Azerbaijan deployed thousands of mercenaries in last year’s 44-day war that it and Turkey waged against Artsakh/Nagorno-Karabagh and Armenia.
Azerbaijan thereby flagrantly violated the UN’s International Convention against the Recruitment, Use, Financing and Training of Mercenaries (UNMERC) which it signed in 1997.
Forty-six countries have signed UNMERC including Belgium, Cyprus, Germany, Italy, New Zealand, and Poland.
These mercenaries are not clean-cut military men. They’re terrorists, thugs, jihadis, and fanatics.
They include former ISIS commander Sayf Balud, and members of the Hamza Division, Sultan Murad Brigade, Al-Amshat Militia, Free Syrian Army (FSA/SNA), and other factions.
Many were brought into Azerbaijan before the war began on September 27, 2020. Unknown numbers remain there despite the November 9 armistice.
Armenian forces captured two mercenaries who came from Syria’s Hama and Idlib provinces.
The independent, UK-based, Syrian Observatory for Human Rights has confirmed Azerbaijan’s employing mercenaries. In October, it numbered them at over 2,050 with 145 dead.
Columbia University’s Institute for the Study of Human Rights has named the chief mercenary commanders, such as Fehim Isa of the Sultan Murad Brigade, and their organizations.
- In the 1990s, Azerbaijan hired Afghan Mujahedin, Chechens, Pakistanis, and Turkey’s terrorist Grey Wolves to fight Armenians.
- Al-Qaeda cells in Baku facilitated the 1998 bombings of U.S. embassies in Kenya and Tanzania.
- Over 900 Azerbaijanis have joined ISIS.
- Azerbaijan’s Silk Way Airlines has transported weapons to terrorist organizations.
Azerbaijan’s political and military cultures are clearly deranged, as are Turkey’s.
Turkey and Azerbaijan’s guilt
Most of the mercenaries used by Azerbaijan were flown in by Turkey. They often came from the ranks of Turkey’s proxy jihadist organizations (named above) in Syria who had reportedly committed atrocities and war crimes there.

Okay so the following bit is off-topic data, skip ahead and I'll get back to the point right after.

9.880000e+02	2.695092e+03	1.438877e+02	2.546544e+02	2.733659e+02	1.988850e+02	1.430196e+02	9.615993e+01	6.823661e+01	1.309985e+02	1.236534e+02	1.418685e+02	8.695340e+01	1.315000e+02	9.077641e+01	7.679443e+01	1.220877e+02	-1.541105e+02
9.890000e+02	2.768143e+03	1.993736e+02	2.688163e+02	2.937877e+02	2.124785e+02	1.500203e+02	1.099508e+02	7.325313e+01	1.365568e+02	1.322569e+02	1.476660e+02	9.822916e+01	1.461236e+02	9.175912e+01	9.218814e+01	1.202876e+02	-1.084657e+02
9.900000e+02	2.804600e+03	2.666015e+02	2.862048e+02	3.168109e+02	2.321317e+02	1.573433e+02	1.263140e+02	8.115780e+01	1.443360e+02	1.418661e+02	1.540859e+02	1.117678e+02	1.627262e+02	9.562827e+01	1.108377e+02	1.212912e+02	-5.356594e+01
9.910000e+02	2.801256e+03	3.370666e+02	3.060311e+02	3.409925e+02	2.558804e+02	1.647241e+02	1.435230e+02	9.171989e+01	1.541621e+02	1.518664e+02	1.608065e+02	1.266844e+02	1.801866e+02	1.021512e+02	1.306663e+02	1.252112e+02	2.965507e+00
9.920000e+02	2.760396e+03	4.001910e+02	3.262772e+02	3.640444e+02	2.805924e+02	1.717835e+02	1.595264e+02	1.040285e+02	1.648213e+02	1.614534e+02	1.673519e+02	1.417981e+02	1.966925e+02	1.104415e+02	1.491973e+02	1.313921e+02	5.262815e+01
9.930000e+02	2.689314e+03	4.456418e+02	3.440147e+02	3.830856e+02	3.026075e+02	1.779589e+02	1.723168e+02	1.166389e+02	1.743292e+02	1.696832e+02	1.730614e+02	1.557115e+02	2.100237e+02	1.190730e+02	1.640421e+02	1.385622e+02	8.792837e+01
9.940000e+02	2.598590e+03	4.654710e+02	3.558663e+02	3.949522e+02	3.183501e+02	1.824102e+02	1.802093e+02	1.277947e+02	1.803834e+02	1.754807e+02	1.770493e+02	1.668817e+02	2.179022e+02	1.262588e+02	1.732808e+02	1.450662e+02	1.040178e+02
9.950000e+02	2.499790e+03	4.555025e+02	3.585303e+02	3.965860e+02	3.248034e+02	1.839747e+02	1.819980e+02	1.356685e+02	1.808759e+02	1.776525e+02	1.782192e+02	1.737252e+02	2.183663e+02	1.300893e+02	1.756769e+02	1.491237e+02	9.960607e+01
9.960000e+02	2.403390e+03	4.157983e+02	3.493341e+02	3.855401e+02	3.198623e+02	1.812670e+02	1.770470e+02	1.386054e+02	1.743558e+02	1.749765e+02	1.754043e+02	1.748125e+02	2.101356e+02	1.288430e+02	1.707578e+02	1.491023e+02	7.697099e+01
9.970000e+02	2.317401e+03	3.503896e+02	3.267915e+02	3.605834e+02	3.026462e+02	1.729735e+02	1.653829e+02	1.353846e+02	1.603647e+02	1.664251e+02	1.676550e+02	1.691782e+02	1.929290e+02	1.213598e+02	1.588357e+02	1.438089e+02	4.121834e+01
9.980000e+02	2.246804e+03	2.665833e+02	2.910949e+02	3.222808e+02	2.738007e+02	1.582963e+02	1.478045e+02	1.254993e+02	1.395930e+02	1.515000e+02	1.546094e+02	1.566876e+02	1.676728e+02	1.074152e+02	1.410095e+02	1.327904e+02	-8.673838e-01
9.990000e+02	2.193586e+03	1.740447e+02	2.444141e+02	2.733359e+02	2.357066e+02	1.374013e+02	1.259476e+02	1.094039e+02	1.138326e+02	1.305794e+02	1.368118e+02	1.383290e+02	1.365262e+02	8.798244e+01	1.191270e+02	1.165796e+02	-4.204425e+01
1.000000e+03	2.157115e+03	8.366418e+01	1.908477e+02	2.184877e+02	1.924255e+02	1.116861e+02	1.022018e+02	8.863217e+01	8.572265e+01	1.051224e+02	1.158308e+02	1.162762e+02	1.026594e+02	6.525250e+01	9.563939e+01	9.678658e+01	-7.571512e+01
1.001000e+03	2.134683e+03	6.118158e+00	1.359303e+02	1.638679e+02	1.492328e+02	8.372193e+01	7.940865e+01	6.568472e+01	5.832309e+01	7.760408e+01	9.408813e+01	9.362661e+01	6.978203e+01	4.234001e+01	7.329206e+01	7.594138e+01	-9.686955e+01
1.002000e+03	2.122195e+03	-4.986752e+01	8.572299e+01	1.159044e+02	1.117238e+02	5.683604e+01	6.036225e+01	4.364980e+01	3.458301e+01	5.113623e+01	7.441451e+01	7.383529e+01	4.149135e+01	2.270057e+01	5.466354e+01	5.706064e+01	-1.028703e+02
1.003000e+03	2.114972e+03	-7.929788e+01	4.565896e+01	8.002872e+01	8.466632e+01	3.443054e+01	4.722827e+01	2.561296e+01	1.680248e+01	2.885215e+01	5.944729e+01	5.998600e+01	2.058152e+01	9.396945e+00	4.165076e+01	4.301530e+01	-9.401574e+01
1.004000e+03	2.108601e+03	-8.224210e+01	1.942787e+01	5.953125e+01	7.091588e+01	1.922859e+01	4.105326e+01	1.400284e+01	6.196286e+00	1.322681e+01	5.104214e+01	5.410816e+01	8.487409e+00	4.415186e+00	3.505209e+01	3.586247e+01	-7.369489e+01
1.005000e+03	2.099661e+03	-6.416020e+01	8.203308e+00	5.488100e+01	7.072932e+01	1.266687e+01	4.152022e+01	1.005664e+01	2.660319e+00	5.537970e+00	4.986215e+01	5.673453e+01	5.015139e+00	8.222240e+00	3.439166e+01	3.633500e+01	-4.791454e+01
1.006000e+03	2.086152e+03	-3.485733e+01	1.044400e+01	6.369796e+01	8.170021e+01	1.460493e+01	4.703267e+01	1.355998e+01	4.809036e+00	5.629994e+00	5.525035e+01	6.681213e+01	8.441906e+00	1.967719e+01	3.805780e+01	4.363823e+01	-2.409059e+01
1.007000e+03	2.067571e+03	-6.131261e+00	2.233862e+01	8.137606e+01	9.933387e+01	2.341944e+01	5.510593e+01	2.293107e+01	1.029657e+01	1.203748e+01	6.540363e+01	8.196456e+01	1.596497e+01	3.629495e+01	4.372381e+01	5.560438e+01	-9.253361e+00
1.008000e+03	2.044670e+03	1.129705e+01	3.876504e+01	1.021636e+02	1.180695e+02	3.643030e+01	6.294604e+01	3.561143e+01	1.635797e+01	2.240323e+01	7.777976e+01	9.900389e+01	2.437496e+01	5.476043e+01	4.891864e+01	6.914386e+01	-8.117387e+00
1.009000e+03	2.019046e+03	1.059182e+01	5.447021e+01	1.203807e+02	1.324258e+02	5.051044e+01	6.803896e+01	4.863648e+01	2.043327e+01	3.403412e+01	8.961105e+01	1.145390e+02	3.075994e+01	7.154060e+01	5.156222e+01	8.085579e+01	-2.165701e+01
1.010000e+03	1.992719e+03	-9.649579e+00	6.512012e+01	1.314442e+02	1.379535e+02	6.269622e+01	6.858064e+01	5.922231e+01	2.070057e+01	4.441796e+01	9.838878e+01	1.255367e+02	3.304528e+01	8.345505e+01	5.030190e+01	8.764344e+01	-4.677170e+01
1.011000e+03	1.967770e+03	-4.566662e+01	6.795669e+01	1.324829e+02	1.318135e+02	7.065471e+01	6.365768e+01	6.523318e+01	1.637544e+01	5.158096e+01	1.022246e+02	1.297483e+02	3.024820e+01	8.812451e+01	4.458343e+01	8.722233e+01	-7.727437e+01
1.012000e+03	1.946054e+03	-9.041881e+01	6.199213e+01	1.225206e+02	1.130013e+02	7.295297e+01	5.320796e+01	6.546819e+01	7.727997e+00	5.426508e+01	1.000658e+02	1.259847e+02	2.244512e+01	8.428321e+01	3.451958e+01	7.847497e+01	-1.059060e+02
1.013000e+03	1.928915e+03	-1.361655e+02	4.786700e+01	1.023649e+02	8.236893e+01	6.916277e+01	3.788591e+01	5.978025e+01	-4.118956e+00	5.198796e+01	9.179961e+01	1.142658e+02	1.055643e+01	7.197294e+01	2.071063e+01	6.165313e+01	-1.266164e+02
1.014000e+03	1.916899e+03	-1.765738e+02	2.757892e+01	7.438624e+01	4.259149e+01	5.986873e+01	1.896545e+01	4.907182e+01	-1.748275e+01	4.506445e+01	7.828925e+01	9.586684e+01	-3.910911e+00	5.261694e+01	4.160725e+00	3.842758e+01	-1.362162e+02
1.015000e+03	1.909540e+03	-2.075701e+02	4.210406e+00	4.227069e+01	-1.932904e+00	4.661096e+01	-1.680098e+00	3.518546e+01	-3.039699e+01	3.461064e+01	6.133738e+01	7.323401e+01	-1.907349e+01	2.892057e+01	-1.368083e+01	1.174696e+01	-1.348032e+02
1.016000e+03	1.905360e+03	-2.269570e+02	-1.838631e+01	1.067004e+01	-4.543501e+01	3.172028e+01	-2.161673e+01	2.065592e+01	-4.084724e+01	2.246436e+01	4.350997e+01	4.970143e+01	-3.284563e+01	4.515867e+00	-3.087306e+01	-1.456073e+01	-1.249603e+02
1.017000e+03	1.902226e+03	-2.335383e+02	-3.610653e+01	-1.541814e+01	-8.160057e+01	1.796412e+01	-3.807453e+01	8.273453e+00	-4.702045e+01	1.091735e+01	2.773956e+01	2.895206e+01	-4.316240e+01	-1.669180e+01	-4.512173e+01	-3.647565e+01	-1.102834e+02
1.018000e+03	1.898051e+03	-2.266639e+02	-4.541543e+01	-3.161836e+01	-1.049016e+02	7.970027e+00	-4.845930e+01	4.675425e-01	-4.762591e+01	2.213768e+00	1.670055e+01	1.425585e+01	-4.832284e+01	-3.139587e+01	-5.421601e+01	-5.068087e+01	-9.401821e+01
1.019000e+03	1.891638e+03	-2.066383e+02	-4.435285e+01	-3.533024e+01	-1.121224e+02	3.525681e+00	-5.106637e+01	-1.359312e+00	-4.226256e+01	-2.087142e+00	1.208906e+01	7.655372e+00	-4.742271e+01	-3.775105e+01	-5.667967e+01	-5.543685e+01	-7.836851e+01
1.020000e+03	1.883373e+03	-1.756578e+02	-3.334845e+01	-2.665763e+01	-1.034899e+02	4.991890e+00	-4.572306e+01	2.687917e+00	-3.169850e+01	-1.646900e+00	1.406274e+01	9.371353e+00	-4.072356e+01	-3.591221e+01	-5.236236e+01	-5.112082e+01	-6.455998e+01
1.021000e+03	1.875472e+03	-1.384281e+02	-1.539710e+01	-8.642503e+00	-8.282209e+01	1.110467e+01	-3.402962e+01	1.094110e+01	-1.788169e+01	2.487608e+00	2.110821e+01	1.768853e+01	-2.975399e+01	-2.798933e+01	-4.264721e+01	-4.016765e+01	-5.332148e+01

Turkey typically recruits jihadis/mercenaries through SADAT, a quasi-official Turkish military contracting company. Led by former Brigadier General Adnan Tanrıverdi and other Turkish officers, SADAT is loyal to Turkish President Erdogan. Turkey’s use of SADAT contravenes the UN’s Guiding Principles on Business and Human Rights.
Turkey has also been sending terrorists and jihadis to fight in Libya’s civil war.
Azerbaijan may also have recruited mercenaries from elsewhere, such as Pakistan, according to some reports.
Regardless of the source of the mercenaries, Azerbaijan has brazenly violated UNMERC.
Charges against Turkey and Azerbaijan
A bi-partisan letter to the State and Defense Departments by one hundred U.S. House members has criticized “Turkish backed foreign mercenaries [in Azerbaijan], many alleged to have ties to internationally recognized terrorist groups.”
A European Parliament resolution has deplored “the transfer of foreign terrorist fighters by Turkey from Syria and elsewhere to Nagorno-Karabakh, as confirmed by international actors, including the OSCE Minsk Group Co-Chair countries.”
On November 6, 2020, the UN’s Working Group on the use of mercenaries and two Special Rapporteurs sent a strongly worded, eight-page letter to Turkey and Azerbaijan that detailed the charges against them.
The way “Syrian fighters are allegedly being recruited, transported and used in the Nagorno-Karabakh conflict appears consistent with the definition of a mercenary, as set out by relevant international legal instruments. Furthermore, their deployment appears to have contributed to the rapid escalation and intensification of hostilities, in turn resulting in civilian harm and suffering.”
Seventy-six days later—in a short, vacuous, and predictably arrogant reply—Turkey called the Working Group’s charges “fake news.” Azerbaijani President Ilham Aliyev has similarly denied using mercenaries.
UNMERC signatory Georgia is also culpable. It has knowingly permitted Turkey to use Georgian airspace to transport the terrorists to Azerbaijan.
Armenia has just filed war crimes lawsuits against Azerbaijan in the European Court of Human Rights.
Armenia, a member of the UN Human Rights Council, should also petition that organization to promptly sanction Azerbaijan, Turkey, and Georgia.
The case against the three countries could not be clearer. A lengthy investigation would be superfluous and counterproductive.
UNMERC signatories are especially obligated to hold the guilty parties accountable.
Human rights organizations worldwide must demand action, not mere words, from their respective governments and the UN.
David Boyajian is an independent writer who focuses on commentary and investigative reports regarding the Caucasus. His work can be found at http://www.armeniapedia.org/wiki/David_Boyajian.